Will my unpaid taxes appear on my credit report?
Will your unpaid taxes appear on your credit report? Yes, but let's look at the big picture first.
Unpaid taxes and the tax gap
Every year approximately $385 billion dollars, or 15% of the total amount due in federal taxes, remains unpaid. Given the current economic climate, the government is making renewed efforts to close this "tax gap." With these efforts comes an increased chance that your taxes may be audited.
The majority of unpaid taxes results from underreported income. If you find yourself being audited, chances are you'll be faced with a tax bill higher than you expected.
The increased likelihood of being audited, combined with the increasing pressures on household finances is leaving many middle class Americans in a position they have never been in before - being unable to pay their taxes. Falling behind on your taxes remains a taboo subject, but it can happen for a number of reasons, including:
- Losing your job
- Your employer going out of business
- Changes in family circumstances
Sticking your head in the sand may be appealing, but it is better to let the IRS know of your situation sooner rather than later. There may even be some IRS programs available to help.
Even without an audit, if you suspect your tax bill to be higher than you can afford, it is still important to file your taxes on time. Filing your taxes late can result in interest charges. Failure to pay your taxes can result in expensive penalties which could progress to tax liens for amounts that remain unpaid. Failure to file at all could be construed as tax evasion and result in a judicial sentence.
Showing unpaid taxes on your credit report
Unpaid taxes appear on your credit report in two ways:
- As a repayment agreement with the IRS
- As a tax lien
In the first scenario let's assume you can meet some of you tax obligation, but not all in one payment. In this situation you could enter in to a repayment agreement with the IRS. This will show on your credit report in the same way as any other loan and will include the total outstanding, the monthly repayments and the payment terms. This will change your debt-credit ratio which in turn could impact your credit score.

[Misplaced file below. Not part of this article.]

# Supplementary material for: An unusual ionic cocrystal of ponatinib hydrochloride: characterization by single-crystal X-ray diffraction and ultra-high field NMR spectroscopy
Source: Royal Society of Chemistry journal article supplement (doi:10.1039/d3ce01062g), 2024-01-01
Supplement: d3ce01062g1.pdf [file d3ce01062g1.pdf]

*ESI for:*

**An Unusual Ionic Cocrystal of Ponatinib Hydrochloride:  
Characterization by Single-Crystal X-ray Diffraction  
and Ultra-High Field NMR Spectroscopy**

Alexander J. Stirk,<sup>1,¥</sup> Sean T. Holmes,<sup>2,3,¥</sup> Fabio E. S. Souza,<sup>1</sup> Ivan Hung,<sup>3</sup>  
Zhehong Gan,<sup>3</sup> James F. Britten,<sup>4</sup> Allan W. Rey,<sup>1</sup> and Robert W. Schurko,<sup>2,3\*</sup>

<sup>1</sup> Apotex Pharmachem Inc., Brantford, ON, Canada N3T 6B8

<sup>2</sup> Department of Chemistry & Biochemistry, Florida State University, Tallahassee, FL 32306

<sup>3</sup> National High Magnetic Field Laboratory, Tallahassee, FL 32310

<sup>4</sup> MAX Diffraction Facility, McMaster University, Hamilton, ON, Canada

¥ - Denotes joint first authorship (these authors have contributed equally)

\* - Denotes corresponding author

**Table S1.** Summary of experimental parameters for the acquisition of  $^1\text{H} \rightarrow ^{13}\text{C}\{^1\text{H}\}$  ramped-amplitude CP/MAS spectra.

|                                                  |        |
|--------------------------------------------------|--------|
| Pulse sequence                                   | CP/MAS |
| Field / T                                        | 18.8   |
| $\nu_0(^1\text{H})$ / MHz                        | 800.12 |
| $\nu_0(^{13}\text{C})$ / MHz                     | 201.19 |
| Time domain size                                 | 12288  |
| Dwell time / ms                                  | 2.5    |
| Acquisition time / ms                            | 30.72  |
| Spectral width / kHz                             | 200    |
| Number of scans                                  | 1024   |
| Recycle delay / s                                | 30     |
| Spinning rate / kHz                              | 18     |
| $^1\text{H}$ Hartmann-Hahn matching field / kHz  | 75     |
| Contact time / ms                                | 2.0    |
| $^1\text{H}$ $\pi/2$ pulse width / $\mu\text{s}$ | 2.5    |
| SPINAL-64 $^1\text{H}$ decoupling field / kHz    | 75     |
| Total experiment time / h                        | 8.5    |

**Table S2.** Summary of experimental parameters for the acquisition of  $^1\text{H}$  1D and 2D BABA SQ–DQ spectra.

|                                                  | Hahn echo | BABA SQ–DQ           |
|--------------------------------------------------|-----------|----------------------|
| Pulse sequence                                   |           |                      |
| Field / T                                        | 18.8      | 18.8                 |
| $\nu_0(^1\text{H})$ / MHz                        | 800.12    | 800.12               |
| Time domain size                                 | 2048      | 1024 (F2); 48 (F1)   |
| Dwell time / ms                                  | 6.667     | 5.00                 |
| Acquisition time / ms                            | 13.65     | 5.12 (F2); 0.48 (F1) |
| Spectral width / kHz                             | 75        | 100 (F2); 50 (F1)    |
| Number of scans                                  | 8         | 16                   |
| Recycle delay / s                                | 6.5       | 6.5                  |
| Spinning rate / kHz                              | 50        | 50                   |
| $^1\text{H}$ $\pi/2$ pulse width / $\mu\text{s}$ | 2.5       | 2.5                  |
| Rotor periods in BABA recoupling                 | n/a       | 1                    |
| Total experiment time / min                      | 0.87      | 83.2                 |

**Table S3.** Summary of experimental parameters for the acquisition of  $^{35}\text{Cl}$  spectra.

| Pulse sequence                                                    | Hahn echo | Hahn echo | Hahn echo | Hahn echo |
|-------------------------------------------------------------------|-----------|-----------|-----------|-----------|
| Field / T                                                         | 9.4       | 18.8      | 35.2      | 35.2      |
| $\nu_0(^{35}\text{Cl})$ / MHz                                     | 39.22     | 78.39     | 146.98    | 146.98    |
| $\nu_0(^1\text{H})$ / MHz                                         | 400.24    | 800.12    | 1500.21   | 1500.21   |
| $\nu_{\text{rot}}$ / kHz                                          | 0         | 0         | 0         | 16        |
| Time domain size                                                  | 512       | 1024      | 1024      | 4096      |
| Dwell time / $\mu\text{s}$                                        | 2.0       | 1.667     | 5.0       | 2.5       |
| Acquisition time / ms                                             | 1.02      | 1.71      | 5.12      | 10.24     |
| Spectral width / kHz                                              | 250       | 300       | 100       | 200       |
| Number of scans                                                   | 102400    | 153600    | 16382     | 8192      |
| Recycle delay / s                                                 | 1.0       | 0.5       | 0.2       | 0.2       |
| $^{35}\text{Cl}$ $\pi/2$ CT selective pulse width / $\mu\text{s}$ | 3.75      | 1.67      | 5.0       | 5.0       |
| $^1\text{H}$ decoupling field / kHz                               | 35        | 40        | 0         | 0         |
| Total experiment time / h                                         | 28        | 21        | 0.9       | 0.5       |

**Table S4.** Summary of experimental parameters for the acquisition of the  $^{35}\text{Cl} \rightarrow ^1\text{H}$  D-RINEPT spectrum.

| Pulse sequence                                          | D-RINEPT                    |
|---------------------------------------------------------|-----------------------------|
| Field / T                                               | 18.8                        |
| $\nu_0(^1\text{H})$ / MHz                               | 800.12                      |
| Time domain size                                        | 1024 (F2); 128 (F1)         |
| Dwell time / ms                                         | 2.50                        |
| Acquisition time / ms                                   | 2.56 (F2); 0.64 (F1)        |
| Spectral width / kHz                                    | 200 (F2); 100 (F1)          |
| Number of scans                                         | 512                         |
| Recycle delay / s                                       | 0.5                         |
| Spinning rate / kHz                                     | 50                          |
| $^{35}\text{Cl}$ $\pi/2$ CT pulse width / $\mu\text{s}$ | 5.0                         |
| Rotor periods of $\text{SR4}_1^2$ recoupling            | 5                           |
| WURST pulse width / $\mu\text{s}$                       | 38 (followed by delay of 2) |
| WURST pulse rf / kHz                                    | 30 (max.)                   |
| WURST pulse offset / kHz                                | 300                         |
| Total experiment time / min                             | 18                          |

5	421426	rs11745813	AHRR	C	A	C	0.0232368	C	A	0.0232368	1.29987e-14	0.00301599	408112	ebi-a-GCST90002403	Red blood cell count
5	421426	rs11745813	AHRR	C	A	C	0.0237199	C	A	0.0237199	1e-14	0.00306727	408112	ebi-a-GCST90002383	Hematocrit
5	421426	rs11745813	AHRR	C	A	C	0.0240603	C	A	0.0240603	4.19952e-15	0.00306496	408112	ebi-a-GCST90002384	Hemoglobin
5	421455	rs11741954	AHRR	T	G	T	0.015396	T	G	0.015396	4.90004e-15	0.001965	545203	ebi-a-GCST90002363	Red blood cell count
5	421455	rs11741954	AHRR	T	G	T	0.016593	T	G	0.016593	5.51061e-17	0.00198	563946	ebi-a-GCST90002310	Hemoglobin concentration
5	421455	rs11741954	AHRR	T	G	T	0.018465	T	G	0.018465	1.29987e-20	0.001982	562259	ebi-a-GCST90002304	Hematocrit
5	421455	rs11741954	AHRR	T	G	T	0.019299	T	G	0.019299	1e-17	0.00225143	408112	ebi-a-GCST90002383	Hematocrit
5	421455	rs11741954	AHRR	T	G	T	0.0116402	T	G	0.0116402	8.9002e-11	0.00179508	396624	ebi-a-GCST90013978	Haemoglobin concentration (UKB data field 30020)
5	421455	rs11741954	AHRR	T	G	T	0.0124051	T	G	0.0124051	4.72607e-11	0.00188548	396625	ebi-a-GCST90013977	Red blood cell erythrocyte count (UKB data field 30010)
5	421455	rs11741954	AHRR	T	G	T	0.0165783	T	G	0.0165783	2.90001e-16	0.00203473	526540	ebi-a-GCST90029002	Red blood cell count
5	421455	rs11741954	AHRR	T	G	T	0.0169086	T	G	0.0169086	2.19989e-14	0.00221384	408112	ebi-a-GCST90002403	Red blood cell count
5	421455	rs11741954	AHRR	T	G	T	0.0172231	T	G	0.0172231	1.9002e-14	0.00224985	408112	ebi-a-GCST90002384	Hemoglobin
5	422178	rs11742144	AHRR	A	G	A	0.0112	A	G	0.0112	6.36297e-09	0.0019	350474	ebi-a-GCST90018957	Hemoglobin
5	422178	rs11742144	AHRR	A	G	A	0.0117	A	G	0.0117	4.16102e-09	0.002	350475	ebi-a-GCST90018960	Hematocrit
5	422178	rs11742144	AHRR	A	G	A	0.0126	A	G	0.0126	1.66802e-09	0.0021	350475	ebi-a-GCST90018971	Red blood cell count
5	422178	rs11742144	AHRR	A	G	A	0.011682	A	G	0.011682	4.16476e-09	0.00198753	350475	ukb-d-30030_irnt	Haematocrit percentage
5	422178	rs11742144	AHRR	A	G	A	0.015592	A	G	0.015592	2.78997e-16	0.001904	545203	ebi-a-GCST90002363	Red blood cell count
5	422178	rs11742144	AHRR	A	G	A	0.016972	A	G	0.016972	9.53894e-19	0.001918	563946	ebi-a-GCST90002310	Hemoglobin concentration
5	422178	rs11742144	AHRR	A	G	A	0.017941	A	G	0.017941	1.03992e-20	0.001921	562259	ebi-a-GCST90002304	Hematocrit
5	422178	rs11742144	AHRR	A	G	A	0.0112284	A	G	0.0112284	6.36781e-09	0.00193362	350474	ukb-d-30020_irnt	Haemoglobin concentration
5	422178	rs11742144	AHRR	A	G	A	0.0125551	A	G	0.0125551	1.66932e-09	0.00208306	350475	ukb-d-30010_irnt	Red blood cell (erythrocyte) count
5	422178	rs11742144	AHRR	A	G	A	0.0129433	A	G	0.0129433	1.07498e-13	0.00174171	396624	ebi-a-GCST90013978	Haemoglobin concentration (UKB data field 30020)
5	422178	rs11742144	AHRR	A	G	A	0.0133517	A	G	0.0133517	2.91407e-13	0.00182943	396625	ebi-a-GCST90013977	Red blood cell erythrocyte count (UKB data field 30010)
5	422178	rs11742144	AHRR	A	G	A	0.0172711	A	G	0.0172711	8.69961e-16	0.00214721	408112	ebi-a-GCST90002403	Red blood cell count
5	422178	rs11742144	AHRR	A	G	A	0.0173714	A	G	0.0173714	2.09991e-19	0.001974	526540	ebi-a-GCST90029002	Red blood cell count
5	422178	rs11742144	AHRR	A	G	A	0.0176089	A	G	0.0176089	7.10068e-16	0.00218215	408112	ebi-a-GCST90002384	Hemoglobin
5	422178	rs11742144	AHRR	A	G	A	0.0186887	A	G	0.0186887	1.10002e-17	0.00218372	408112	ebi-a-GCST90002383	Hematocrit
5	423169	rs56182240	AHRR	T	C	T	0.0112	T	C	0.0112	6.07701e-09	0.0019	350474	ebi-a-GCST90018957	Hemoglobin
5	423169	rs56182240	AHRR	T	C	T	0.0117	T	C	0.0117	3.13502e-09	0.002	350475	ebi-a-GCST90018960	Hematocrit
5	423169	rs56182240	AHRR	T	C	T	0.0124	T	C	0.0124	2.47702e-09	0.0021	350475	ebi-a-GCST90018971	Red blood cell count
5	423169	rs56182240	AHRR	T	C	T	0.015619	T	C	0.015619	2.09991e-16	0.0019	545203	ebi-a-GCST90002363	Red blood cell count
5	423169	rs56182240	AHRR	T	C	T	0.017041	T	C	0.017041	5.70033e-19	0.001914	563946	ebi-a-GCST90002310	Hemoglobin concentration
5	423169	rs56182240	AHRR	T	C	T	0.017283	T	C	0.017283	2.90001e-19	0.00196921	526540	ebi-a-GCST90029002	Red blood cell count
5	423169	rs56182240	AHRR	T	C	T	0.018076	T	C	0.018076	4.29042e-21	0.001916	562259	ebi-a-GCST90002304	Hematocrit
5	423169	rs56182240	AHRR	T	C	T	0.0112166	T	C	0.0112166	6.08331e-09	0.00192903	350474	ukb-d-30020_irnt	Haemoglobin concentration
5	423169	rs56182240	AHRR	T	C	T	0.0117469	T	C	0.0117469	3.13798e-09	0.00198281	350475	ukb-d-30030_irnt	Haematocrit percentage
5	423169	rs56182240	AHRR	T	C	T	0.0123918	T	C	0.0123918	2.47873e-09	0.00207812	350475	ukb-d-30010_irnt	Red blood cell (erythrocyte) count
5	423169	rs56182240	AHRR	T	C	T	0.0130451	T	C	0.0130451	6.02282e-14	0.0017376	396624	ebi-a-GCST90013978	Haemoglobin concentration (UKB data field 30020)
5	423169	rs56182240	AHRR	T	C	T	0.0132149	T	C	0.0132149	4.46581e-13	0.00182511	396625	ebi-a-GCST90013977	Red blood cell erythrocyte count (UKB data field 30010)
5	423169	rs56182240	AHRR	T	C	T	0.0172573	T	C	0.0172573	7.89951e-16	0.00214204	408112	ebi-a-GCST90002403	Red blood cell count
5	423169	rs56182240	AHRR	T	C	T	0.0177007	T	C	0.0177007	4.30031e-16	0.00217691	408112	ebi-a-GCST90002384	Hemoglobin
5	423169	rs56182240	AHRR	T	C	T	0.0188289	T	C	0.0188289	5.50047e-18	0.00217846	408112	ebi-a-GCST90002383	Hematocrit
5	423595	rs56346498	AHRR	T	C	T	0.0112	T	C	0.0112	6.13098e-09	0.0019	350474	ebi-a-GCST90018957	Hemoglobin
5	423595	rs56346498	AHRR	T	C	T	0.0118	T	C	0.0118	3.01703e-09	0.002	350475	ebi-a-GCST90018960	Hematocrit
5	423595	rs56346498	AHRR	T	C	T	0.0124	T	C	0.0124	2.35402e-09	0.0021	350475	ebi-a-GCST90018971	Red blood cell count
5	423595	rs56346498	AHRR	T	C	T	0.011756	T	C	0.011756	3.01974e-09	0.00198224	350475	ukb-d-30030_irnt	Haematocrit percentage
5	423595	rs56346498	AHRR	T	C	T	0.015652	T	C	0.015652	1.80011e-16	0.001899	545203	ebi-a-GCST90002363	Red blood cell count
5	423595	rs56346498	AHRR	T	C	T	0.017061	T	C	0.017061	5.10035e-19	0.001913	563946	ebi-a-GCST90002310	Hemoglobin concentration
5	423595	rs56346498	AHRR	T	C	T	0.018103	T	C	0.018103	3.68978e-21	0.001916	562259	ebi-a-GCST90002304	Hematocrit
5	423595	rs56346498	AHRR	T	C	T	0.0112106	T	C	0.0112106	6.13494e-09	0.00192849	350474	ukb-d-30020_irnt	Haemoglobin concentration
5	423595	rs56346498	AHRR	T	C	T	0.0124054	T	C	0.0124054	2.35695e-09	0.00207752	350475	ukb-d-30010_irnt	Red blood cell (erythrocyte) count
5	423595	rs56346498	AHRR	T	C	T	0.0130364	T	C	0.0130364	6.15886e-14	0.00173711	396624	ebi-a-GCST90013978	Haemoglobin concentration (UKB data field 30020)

Your credit score affects your ability to access financing, as well as the rates at which credit is available to you. Regardless of your tax situation, it is a good idea to obtain a copy of your credit score at least once a year and check the accuracy of the data held on you.
Tax liens and your credit report
Being behind with the tax man can have serious consequences. If your taxes remain unpaid you may find yourself the subject of a tax lien - where the federal or state government asserts its right to your home or car to secure payment of the tax debt owed.
Ultimately the asset attached to the lien can be seized and, if this happens to your home, you will be left with the mortgage debt, even though you no longer own the property. A tax lien will show on your credit report for seven years, the same length of time as bankruptcy. So not only are the consequences severe, but they can be long lasting also.
On a more positive note, tax lien guidelines have recently changed. If you are able to pay off the outstanding tax debt, you can ask the IRS for a Certificate of Withdrawal. When this certificate is presented to the three credit bureaus (TransUnion, Experian and Equifax) they are legally required to remove details of the tax lien from your credit report. Checking your credit score allows you to confirm that the tax liens have indeed been removed.
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